Deep house

Deep house is a subgenre of house music[2] that originated in the 1980s, initially fusing elements of Chicago house with 1980s jazz-funk[3] and touches of soul music.[4] Deep house tracks generally have a tempo of between 120 and 130 BPM (beats per minute), contrasting with the slower hip hop (100 beats per minute) and faster electronic-techno rave music (150 to 180 beats per minute).[5][6]

This style of house music can often have an acoustic feeling.[7] The online music store Beatport is credited with driving the popularity of deep house,[8] but also mislabeling a number of artists in the process[9] and giving rise to the future house genre.


Deep house is known for complex melody, use of unrelated chromatic chords underlying most sequences, and a soul, ambient, or lounge vibe to the vocals (if any). In the early compositions (1988–89), influences of jazz music were most frequently brought out by using more complex chords than simple triads (7ths, 9ths, 13ths, suspensions, alterations) which are held for many bars and give compositions a slightly dissonant feel. The use of vocals became more common in deep house than in many other forms of house music. Sonic qualities include soulful vocals (if vocals are included), slow and concentrated dissonant melodies, and a smooth, stylish, and chic demeanor. The use of women's vocals is more common than male's in deep house tracks. Deep house music rarely reaches a climax, but lingers on as a comfortable, relaxing sound.


Mr. Fingers – "Can You Feel It?" (1986)

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Deep house was largely pioneered by Chicago producers such as Marshall Jefferson (On the House) and Larry Heard (Mr. Fingers)[3] and with tracks such as "Mystery of Love" (1985) and "Can You Feel It?" (1986);[10] the latter had a similar impact on deep house as Derrick May's "Strings Of Life" (1987) did on Detroit techno.[11] The jazzy sound became more common due to the favored use of electric pianos such as the Rhodes and Wurlitzer, and the Hammond organ. Author Richie Unterberger has stated that Heard's deep house sound moved house music away from its posthuman tendencies back towards the lush, soulful sound of early disco music (particularly that of old Philadelphia International and Salsoul records).[12]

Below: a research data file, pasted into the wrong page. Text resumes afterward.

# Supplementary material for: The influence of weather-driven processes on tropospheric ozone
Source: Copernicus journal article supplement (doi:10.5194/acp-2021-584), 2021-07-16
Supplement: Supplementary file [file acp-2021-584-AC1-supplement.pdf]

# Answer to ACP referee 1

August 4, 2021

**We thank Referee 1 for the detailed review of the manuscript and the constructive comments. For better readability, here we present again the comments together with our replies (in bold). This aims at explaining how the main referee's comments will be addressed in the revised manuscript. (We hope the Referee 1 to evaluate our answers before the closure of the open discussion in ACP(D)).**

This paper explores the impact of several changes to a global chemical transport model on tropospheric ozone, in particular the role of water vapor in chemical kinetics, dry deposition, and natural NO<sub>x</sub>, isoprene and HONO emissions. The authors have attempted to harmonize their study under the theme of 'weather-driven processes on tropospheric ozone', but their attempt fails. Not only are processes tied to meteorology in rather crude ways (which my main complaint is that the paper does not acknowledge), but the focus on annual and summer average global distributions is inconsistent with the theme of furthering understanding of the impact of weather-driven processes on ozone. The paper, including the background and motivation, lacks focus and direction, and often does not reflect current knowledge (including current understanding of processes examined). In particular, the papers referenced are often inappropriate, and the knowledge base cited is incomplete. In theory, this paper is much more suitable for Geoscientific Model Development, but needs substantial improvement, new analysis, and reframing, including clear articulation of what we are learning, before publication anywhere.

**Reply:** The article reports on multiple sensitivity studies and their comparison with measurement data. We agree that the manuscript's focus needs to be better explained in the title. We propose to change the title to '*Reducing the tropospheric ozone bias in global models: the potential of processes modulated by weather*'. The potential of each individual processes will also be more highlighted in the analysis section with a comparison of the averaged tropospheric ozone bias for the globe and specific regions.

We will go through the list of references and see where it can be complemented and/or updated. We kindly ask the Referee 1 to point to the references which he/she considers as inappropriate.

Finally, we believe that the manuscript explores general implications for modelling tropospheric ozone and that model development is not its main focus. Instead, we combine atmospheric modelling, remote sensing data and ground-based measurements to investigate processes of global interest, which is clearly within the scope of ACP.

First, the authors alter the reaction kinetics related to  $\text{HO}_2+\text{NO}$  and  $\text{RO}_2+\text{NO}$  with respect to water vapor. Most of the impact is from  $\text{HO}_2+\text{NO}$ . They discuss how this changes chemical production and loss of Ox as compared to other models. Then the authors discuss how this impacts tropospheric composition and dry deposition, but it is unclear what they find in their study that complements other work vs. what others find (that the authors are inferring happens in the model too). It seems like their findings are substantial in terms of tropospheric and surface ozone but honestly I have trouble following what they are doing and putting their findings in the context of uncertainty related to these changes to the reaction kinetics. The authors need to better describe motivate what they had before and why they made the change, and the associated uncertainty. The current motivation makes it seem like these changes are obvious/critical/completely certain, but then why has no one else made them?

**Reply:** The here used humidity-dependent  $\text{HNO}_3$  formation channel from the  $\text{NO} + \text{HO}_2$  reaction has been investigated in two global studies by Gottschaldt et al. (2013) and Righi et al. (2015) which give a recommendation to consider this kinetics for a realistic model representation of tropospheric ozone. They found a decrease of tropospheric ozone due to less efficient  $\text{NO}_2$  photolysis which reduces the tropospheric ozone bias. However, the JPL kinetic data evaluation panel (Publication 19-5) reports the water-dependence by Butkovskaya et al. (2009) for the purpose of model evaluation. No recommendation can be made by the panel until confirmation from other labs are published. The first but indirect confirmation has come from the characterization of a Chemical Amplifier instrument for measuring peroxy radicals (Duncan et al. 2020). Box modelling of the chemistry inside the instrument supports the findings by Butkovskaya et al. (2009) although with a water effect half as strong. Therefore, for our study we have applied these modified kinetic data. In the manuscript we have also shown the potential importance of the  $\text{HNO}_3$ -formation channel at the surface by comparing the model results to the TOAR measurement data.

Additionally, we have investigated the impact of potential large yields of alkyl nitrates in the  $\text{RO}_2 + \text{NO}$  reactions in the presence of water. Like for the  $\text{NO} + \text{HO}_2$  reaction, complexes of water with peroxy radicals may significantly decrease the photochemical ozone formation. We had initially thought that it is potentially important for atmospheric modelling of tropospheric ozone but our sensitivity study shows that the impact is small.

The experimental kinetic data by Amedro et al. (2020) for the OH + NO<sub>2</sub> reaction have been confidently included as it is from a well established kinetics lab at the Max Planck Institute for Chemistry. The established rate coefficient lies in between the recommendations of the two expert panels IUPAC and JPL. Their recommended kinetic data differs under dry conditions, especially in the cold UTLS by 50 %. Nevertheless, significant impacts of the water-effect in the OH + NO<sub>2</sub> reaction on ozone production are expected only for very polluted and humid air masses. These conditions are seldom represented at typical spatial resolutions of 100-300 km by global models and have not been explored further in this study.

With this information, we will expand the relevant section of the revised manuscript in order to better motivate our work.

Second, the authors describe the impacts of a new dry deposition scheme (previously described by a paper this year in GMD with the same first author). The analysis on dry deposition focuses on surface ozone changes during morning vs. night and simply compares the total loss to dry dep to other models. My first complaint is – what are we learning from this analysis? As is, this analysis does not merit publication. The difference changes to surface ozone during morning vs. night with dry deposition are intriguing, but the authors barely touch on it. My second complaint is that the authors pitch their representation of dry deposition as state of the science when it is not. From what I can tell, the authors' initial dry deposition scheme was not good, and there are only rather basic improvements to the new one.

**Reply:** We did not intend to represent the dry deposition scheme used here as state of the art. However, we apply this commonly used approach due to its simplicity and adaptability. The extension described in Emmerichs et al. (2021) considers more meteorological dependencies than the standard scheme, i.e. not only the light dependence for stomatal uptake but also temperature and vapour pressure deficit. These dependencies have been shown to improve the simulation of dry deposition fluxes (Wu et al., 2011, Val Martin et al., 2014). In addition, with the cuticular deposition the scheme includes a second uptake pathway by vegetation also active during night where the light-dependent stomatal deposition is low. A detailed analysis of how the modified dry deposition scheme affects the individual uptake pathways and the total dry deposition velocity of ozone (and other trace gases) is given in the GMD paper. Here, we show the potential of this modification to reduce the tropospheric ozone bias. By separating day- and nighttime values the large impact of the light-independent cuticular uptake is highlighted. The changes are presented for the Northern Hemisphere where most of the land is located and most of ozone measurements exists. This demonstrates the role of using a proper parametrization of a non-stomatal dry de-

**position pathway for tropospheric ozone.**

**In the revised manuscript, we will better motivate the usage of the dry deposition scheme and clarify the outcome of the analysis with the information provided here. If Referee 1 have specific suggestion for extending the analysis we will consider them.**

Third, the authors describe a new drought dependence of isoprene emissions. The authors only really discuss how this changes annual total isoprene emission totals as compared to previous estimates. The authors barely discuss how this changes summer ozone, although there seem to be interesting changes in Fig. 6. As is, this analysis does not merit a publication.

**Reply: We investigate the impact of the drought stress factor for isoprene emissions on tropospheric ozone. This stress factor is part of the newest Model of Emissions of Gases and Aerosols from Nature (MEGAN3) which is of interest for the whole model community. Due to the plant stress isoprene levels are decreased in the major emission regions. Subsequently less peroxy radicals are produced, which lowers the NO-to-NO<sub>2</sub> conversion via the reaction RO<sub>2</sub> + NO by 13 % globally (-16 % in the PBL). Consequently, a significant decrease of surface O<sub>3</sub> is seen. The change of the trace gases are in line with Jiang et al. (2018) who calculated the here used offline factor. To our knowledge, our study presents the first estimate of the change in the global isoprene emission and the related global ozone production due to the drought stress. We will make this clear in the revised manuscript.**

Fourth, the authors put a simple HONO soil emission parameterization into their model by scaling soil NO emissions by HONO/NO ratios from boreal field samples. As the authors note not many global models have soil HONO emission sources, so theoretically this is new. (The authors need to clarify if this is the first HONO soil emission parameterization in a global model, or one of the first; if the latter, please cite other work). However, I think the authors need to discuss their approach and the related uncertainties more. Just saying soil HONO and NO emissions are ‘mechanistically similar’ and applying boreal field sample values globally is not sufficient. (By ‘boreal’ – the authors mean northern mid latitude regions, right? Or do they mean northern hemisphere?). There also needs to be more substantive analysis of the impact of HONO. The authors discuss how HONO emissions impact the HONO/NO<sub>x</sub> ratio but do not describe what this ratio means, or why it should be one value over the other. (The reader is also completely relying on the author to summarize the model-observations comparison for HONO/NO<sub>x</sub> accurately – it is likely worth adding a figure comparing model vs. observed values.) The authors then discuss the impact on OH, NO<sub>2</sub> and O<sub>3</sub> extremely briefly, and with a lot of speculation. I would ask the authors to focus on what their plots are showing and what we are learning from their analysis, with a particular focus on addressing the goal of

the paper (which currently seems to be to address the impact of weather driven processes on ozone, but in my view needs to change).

Artists, DJs and record labels

Deep house artists, DJs and producers include:

Record labels of the genre include AFTR:HRS, Glasgow Underground, Naked Music, Om Records, Peacefrog Records, Soma, Source and Spinnin' Deep. Examples of deep house albums from artists known from other genres include The Martyr Mantras (1990) and Modernism: A New Decade (1998) from The Style Council.

See also


  1. Matos, Michaelangelo (19 January 2016). "Kygo Delivers Dance Beats, With a Side Order of Pan Flute". The New York Times. For years “deep house” denoted jazzy, R&B-rooted dance music...
  2. 1 2 Ishkur (2005). "Ishkur's guide to Electronic Music". Retrieved May 29, 2014.
  3. 1 2 "Jazz-House". Retrieved May 29, 2014.
  4. Reynolds, Simon (2013). Energy Flash: A Journey Through Rave Music and Dance Culture. Soft Skull Press. At the same time, the traditional NYC enclave for gay dance culture—centred on Body and Soul—was self-stifled by its own reverence of the lost golden age of disco.
  5. "List of Average Tempo (BPM) By Genre". 2013. Retrieved July 7, 2015.
  6. Reynolds, Simon (2013). Energy Flash: A Journey Through Rave Music and Dance Culture. Soft Skull Press. Perhaps because unlike deep house, none of the sounds used in the style really resemble 'real' acoustic instruments.
  7. Taylor Barnes. "Beatport By The Numbers 10 Analyzed (Part 1)". DJ Master Course. Retrieved 12 May 2015.
  8. "Stop calling it deep house". Mixmag. Retrieved 12 May 2015.
  9. Iqbal, Mohson (31 January 2008). "Larry Heard: Soul survivor". Resident Advisor. Retrieved 23 July 2012.
  10. "Various Artists - The Kings of House, Compiled and Mixed by Masters at Work". In the Mix. 12 August 2005. Retrieved 23 July 2012.
  11. Unterberger, Richie (1999). Music USA: The Rough Guide. London: Rough Guides. p. 265. ISBN 185828421X. Retrieved 23 July 2012.
  12. Lekena, Mohato How the pulse of house music keeps South Africa connected Huck Magazine. April 29, 2016
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